Citation for Jinnah, Mohammad Ali

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Wolpert, Stanley . "Jinnah, Mohammad Ali." In The Oxford Encyclopedia of the Islamic World. Oxford Islamic Studies Online. May 19, 2022. <>.


Wolpert, Stanley . "Jinnah, Mohammad Ali." In The Oxford Encyclopedia of the Islamic World. Oxford Islamic Studies Online, (accessed May 19, 2022).

Jinnah, Mohammad Ali

Mohammad Ali Jinnah (1876–1948),was the Quaid-i-Azam (“Great Leader”) and first governor-general of Pakistan. Born in Karachi, the eldest child of well-to-do Khojas, young Jinnah was sent to London in 1893 and apprenticed to a British managing agency. He was bored by business, however, and turned to the study of law at Lincoln 's Inn and also aspired to acting. Jinnah helped the “grand old man” of India 's National Congress, Parsi Dadabhai Naoroji, win a seat in the House of Commons, and with Dadabhai 's support joined the Indian National Congress in 1906. By then a successful Bombay barrister, Jinnah also joined the Muslim League in 1913 and was instrumental in drafting the jointly adopted Congress-League Lucknow Pact of 1916. As the brightest ambassador of Hindu-Muslim unity, Jinnah seemed destined to lead a united Indian dominion after World War I, but Mohandas K. Gandhi returned from South Africa to revolutionize the Congress Party and become its postwar leader. Jinnah tried his best to dissuade Congress from following Gandhi 's “dangerous” and “radical” lead, but he failed in 1919 and withdrew.

Jinnah then focused on his legal practice and served as an independent Muslim member, elected from Bombay, on the Viceroy 's legislative council in Calcutta and New Delhi. In 1930 he sailed back to London to attend the first Round Table Conference on Indian Constitutional Reforms, just when Allamah Muhammad Iqbal (1877–1938) was presiding over the Muslim League in Allahabad. The latter called for “a consolidated North-West Indian Muslim state” for the first time from any League platform, a decade prior to the Lahore “Pakistan Resolution.” Jinnah and Sir Shah Nawaz Bhutto managed in London to win separate provincial status for their home province of Sind, which in 1935 became the only Muslim-majority province of British India (Eastern Bengal and Assam having been reunited with West Bengal in 1910). Liaquat Ali Khan (1896–1951) lured Jinnah back from London to become permanent president of the Muslim League. But Congress won most of the provincial contests in 1937 and refused to admit any League leaders to its provincial cabinets. Outraged by Congress arrogance, Jinnah now appealed to India 's Muslim masses, transforming himself at his League 's Lucknow session of 1937 into their Quaid-i-Azam. By March 1940, when the League met in Lahore, Jinnah insisted that British India 's Muslims were no longer a “minority,” but a “nation.” The Lahore Resolution 's demand for a separate, single Pakistan became his sole platform and a goal to which he devoted the rest of his life and fast-failing energies. He survived long enough to preside over his new nation 's birth in mid-August 1947, but expired of lung cancer before he could bring to fruition his fondest dream of firmly establishing in Pakistan a secular and democratic polity free of corruption and internal conflicts.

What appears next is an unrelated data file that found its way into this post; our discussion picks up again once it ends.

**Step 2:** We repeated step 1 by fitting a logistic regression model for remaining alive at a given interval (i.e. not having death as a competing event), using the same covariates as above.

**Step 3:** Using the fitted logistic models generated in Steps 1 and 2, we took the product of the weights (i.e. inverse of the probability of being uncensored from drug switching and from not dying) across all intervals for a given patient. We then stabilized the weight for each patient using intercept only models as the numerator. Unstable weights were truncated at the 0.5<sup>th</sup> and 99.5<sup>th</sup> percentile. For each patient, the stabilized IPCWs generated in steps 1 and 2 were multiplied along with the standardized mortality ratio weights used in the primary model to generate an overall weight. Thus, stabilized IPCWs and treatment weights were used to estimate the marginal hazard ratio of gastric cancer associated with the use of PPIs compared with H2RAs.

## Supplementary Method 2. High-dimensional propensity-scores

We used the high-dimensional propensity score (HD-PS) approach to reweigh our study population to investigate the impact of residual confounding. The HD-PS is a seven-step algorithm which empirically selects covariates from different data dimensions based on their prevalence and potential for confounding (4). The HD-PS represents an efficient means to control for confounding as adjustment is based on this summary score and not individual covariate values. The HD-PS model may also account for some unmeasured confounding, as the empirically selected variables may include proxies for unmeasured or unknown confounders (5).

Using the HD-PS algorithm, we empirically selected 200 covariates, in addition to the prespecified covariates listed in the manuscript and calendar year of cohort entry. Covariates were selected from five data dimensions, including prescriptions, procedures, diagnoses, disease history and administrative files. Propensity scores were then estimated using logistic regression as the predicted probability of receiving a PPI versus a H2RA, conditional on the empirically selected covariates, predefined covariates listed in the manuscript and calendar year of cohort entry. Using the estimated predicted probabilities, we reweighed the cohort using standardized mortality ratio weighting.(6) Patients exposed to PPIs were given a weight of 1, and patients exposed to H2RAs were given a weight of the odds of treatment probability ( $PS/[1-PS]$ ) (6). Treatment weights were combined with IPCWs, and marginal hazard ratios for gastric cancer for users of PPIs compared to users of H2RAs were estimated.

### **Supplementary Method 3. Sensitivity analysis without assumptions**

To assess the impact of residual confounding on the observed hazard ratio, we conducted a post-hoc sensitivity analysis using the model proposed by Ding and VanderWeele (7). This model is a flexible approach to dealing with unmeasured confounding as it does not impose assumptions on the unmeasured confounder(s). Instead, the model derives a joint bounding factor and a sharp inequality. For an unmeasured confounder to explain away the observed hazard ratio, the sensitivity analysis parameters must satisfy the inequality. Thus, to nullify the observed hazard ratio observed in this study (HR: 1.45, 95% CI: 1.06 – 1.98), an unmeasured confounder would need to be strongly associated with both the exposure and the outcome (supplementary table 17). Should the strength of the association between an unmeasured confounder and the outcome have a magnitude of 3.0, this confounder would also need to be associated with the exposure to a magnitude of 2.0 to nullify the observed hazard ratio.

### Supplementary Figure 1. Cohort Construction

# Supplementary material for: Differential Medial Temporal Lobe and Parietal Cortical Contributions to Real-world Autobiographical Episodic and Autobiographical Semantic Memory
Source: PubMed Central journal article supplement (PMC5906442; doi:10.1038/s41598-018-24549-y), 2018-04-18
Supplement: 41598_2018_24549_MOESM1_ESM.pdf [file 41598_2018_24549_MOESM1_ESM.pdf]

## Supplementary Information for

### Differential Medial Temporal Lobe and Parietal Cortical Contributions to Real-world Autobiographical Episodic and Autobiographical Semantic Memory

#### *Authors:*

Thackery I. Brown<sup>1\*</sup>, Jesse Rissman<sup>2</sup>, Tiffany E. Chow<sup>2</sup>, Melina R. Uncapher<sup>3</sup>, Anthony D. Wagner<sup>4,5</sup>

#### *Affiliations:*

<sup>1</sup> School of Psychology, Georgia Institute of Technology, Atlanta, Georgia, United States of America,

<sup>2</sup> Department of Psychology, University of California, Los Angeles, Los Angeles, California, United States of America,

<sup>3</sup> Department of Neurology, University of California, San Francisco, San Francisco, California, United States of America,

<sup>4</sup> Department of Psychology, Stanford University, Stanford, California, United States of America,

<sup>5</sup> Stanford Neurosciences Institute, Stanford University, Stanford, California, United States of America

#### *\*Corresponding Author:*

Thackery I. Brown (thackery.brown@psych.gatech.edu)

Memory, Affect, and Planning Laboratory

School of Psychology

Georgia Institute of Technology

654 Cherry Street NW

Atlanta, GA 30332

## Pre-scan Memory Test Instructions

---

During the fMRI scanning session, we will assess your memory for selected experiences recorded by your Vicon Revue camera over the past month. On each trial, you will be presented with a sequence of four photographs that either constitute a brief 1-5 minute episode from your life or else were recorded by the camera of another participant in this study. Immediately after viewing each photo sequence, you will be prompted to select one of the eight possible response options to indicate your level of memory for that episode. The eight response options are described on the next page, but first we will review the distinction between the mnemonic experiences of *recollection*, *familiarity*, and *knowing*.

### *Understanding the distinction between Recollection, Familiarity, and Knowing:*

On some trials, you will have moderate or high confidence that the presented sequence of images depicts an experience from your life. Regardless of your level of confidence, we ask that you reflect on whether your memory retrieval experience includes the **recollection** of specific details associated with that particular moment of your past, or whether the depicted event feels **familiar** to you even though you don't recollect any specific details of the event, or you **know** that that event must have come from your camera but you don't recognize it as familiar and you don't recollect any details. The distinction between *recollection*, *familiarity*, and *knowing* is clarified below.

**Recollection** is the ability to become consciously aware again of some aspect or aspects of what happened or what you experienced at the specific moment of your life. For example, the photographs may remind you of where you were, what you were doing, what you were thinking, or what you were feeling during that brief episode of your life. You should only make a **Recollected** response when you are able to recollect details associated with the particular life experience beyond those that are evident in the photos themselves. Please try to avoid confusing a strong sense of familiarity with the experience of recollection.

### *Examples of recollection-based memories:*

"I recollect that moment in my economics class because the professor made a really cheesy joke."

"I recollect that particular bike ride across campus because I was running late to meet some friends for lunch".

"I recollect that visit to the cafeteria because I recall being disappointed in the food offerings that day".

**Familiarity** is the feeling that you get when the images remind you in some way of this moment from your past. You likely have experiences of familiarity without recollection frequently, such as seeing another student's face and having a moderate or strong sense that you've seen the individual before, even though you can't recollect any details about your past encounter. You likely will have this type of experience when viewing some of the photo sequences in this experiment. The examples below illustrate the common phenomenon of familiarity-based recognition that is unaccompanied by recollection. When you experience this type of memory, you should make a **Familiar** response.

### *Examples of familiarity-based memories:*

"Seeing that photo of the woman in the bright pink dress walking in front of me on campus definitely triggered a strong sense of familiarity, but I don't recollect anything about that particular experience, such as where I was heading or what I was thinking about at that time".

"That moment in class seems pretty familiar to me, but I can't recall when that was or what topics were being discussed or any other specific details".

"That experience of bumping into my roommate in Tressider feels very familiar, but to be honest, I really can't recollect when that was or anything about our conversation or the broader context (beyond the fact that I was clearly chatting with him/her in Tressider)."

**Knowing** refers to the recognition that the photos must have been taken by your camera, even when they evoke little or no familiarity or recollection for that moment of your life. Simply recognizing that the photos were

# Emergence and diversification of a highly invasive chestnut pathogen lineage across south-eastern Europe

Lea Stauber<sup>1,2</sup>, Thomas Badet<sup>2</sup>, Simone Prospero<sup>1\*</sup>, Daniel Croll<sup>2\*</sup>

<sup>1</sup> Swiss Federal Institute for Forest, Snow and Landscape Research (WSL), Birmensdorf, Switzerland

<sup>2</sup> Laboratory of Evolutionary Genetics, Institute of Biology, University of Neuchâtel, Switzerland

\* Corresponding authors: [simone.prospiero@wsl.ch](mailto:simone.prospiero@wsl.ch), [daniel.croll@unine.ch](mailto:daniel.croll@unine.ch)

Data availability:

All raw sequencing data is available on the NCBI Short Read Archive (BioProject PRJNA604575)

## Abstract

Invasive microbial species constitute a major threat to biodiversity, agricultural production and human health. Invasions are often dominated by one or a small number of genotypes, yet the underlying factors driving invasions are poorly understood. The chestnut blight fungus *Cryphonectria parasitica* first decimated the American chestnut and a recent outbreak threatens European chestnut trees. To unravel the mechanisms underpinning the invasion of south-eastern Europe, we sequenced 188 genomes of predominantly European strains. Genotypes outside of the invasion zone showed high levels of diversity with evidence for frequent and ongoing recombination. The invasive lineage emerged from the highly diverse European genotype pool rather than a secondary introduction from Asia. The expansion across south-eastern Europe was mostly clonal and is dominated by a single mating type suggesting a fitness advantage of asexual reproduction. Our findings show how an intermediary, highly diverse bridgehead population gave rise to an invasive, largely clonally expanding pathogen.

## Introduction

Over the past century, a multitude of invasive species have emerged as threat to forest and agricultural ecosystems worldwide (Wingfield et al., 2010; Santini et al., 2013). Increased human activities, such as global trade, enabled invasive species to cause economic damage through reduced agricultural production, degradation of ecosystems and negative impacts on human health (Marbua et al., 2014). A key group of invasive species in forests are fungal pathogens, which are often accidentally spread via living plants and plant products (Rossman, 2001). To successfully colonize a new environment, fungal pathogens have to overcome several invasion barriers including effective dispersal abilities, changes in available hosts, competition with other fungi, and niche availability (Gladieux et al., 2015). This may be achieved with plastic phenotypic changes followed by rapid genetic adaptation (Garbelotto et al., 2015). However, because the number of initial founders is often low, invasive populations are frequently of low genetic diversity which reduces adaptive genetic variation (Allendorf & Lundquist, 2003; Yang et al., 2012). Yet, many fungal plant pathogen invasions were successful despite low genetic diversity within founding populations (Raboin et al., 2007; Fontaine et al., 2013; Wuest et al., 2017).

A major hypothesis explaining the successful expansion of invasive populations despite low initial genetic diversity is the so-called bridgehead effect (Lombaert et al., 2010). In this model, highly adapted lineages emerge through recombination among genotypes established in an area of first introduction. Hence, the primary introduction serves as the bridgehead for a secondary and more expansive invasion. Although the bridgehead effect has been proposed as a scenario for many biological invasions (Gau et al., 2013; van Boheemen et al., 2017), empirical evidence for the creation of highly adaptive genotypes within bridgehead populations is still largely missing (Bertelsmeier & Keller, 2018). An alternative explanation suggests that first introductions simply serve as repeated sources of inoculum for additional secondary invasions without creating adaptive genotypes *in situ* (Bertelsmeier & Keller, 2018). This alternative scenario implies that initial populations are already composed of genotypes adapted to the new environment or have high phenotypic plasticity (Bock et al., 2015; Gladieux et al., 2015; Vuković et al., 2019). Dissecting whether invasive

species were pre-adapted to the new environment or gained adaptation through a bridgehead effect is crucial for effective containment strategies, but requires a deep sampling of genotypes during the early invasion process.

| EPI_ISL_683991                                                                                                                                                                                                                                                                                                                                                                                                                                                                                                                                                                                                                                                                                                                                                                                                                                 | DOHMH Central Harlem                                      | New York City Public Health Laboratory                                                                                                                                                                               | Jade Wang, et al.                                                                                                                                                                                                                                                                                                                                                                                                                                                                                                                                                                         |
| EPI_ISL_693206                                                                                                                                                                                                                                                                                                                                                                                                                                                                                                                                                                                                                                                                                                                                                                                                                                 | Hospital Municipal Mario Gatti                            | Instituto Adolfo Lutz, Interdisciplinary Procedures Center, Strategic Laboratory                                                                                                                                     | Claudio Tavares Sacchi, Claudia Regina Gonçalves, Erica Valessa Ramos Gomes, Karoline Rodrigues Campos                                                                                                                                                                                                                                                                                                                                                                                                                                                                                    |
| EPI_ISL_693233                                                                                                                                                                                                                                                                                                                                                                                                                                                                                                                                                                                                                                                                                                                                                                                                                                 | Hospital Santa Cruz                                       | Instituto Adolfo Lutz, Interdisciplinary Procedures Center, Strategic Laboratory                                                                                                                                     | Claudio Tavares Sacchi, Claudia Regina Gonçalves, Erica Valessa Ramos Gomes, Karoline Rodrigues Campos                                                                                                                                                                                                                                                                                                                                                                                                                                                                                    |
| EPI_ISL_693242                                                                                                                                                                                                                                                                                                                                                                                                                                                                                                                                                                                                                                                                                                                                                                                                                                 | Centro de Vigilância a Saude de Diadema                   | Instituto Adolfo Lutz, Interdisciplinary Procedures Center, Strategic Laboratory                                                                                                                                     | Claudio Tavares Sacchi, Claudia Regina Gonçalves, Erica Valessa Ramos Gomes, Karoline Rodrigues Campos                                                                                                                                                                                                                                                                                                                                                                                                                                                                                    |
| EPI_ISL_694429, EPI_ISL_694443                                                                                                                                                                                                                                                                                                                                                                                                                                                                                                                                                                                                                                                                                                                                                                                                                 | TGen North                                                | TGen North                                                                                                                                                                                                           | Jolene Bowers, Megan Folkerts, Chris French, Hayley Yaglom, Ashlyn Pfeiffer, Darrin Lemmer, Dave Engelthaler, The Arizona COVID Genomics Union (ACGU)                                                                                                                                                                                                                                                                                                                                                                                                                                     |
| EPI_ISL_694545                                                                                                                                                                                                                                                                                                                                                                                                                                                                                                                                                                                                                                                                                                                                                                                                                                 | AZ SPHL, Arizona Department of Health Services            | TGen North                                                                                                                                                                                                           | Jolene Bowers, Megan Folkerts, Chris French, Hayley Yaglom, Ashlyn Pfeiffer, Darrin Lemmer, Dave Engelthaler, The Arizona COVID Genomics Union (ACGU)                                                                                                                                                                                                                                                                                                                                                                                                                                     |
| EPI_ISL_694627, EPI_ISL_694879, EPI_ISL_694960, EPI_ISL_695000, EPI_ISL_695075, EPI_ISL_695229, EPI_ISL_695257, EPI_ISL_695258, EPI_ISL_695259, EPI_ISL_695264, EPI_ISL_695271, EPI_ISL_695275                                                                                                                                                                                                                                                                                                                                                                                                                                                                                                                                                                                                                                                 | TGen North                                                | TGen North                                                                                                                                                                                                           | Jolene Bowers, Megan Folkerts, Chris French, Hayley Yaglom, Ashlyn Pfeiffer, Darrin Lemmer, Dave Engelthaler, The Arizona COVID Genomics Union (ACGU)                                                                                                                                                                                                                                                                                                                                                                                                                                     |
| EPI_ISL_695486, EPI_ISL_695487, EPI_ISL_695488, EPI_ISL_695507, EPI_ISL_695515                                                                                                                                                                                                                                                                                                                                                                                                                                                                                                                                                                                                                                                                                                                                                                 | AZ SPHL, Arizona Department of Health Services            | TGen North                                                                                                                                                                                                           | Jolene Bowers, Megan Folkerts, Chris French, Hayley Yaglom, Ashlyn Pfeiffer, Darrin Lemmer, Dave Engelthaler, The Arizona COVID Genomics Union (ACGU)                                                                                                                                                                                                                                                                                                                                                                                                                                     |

• Ahmed, Akbar S.Jinnah, Pakistan, and Islamic Identity: The Search for Saladin. London: Routledge, 1997.
  • Javed, Ajeet. Secular and Nationalist Jinnah. New Delhi: Kitab Publishing, 1997.
  • Pirzada, Syed Sharifuddin, ed.The Collected Works of Quaid-e-Azam Mohammad Ali Jinnah (1906–1921). Vol. 1. Karachi, 1984.
  • Singh, Jaswant. Jinnah: India, Partition, Independence. Oxford University Press, 2010.
  • Wolpert, Stanley A.A Jinnah of Pakistan. 3d ed.New York, 1996. Standard biography of Jinnah.

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